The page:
Shall we put the evidence on Lady Justice’s scales, shall we?

  1. A Dean Wormer-esque authority figure (played by James Keach as a traffic cop) who despises a lowly group of misfits, led by a slovenly good-time Belushi-like guy (played by Murray)
  2. A ” When the Germans bombed Pearl Harbor” rallying cry from said good-time guy.
  3. A incident involving the bedding of a girl who admits she’s underage pre-coitus (though no tissues were used to stuff the bra).
  4. A sexually aggressive female authority figure, though this time its Sally Kellerman as a judge who stands in for Dean Wormer’s cucumber-comparing wife.
  5. A finale that features a downtown parade that erupts into calamity and confusion.
  6. A float being commandeered by our heroes and driven at high rates of speed.
  7. A beauty queen atop of said float in said parade who dutifully stays put and waves to the crowds.
  8. A “where are they now” blurb at the end credits on the fate of our protagonist landscaper.

I’m sure a more trained eye could pick up more, but at this point I felt I had spent way to much time in my CSI-like analysis on it.

Some other items I did glean from the viewing include:

  • A blink-and-you-missed-it cameo from one Don Cheadle as a fast food employee. (His only line was “Can I take your order?” repeated a handful of times.)
  • The film boasted the name of Clara Peller in the opening credits, better known as the “Where’s the Beef?” lady from the 80s Wendy’s commercials. (Are you really sure that’s a hook you want to hang your film on? That’s like saying, “Special appearance by The Noid,” or “Featuring the comedic stylings of the “Dude you got a Dell” guy.)
  • James Keach is actually the more charismatic lead in the film as the psychotic motorcycle cop whose slow seething turns into violent rage. Though by the film’s conclusion he’s reduced to parading around in a dog collar and leather undies — best not to ask.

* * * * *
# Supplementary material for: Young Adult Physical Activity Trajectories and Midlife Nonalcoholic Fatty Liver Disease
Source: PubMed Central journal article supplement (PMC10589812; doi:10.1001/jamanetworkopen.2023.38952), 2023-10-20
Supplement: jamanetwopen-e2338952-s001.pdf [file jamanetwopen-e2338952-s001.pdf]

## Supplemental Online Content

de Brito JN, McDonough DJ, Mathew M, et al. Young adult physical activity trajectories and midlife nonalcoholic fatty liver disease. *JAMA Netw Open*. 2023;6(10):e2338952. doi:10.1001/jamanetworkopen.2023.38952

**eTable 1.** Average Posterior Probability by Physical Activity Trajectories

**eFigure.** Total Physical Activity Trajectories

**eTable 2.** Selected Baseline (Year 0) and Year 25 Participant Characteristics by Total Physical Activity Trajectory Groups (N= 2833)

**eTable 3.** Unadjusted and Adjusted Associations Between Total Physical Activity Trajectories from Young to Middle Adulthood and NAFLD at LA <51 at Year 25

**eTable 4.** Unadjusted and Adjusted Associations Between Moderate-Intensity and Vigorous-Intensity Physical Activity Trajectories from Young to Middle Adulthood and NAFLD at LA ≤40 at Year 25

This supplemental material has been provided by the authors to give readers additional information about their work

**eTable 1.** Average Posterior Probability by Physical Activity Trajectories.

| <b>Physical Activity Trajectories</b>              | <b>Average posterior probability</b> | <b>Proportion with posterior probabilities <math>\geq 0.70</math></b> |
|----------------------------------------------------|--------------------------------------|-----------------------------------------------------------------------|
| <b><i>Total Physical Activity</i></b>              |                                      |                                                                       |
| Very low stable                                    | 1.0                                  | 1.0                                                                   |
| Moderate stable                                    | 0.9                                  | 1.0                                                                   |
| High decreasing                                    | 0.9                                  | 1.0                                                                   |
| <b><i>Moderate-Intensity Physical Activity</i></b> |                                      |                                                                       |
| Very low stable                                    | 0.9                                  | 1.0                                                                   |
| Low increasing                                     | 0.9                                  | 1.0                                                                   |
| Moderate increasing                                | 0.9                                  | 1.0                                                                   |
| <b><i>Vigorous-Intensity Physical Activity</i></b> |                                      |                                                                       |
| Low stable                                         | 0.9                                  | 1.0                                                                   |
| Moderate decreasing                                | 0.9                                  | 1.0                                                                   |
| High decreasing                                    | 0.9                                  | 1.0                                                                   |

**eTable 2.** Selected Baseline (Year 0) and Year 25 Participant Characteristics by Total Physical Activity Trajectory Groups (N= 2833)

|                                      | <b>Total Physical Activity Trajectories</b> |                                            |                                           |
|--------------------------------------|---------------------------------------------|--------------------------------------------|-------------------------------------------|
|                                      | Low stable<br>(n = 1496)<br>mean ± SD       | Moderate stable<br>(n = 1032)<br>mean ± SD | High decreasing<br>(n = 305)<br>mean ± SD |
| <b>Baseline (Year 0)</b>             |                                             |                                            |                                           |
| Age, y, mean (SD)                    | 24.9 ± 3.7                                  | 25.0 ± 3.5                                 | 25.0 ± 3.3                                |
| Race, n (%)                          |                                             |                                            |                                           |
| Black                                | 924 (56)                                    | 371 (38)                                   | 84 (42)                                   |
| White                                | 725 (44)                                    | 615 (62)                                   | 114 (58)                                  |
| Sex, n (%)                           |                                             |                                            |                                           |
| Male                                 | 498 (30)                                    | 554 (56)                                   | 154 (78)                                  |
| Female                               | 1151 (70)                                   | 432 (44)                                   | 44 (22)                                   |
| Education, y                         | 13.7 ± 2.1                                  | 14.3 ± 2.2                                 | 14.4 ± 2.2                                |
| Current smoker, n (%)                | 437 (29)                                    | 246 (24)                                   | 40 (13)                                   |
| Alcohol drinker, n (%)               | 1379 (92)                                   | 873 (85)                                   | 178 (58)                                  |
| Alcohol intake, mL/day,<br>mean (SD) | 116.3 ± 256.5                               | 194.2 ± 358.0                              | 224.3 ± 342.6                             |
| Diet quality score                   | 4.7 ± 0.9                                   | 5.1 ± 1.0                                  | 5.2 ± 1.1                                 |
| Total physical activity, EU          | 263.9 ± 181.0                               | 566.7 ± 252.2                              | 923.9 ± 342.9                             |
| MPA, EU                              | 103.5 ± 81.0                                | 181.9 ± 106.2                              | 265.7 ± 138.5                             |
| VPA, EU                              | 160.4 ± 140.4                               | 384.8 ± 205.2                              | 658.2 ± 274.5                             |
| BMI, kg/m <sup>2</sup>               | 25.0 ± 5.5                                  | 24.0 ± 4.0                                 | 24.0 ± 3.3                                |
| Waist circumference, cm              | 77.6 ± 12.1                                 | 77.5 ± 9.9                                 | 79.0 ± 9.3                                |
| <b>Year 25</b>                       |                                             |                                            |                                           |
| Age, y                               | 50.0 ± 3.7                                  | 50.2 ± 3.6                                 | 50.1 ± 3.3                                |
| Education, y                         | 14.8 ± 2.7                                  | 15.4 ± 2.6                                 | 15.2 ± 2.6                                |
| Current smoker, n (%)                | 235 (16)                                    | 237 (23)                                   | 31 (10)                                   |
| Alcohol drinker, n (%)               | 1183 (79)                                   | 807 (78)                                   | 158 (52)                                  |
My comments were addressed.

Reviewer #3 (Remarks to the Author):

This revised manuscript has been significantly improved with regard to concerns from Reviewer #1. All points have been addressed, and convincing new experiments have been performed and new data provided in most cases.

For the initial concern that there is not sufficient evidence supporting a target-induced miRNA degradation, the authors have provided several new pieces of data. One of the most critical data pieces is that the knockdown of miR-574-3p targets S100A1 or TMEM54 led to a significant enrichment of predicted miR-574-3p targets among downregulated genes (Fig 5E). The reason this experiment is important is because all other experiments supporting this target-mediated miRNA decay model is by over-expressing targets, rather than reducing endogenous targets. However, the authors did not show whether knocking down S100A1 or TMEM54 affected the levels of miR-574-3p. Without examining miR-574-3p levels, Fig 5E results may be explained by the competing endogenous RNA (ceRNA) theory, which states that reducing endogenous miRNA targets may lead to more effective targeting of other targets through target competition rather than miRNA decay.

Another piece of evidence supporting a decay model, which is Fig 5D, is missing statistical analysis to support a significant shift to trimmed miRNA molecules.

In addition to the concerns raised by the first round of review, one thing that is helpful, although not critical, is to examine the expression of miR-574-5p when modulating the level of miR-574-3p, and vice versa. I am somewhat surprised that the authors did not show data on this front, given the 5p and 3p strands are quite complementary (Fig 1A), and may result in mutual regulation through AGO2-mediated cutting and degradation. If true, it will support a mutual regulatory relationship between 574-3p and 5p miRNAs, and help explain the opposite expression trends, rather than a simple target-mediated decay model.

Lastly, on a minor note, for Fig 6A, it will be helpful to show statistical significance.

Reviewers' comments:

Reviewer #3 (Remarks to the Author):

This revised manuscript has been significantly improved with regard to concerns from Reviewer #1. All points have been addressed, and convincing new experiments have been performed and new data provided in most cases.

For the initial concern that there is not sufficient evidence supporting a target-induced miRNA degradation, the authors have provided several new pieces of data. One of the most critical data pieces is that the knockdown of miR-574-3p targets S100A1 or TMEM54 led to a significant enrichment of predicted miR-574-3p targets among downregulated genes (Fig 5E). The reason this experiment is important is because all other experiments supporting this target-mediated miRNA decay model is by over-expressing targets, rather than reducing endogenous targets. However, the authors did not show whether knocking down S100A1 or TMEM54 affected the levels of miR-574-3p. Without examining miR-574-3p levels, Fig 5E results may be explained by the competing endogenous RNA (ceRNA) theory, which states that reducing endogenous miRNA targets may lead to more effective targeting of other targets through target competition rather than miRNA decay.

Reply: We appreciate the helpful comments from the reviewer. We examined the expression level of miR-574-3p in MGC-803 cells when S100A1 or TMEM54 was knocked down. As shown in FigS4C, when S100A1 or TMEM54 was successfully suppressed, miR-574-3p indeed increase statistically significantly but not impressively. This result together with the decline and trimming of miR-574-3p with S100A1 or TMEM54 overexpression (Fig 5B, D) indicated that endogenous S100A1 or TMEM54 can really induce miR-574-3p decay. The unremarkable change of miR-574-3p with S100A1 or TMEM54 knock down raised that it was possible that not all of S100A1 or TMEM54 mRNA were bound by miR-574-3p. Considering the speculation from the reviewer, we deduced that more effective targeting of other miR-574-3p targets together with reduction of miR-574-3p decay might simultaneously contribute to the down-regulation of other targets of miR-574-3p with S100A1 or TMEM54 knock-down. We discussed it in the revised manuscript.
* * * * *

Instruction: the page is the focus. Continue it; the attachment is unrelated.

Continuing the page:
• The horror-film afficionado was actually more amusing than I remembered, especially when he was stoked to see one of those gore-soaked “instructional films” titled “Blood Runs Red on the Highway.” I remember being shown such a PSA (similar to this one) in grade school in which a log carrier accidentally unloads its cargo at a high rate of speed through the windshield of an unsuspecting reckless driver. Yes, in grade school. Is it any wonder I turned out worshipping the works of gory effects masters such as Rob Bottin, Rick Baker and Stan Winston?

New Memories: I admit to still getting a few chuckles from this film made on the fly (it was written in a month and shot and released within six). When a girl says, “My ride’s here, it’s my sister…” and a nun pulls up in a Chrystler is classic stuff and what’s not funny about a lowly puppeteer being abused by the same kiddie audience he’s trying to entertain?). And this scene is quite cute:

 

It cannot be forgiven, though, that they cast the go-to guy for stiff-shirt comedy, Mr. Fred Willard, and fail to use him for his true potential. But what truly amazes me is that I ever found John Murray’s performance to be notable for his wit or charm. And I am thankful that I did not follow my admiration of his role to more extreme lengths, as I am pretty sure I’d make a lousy landscaper.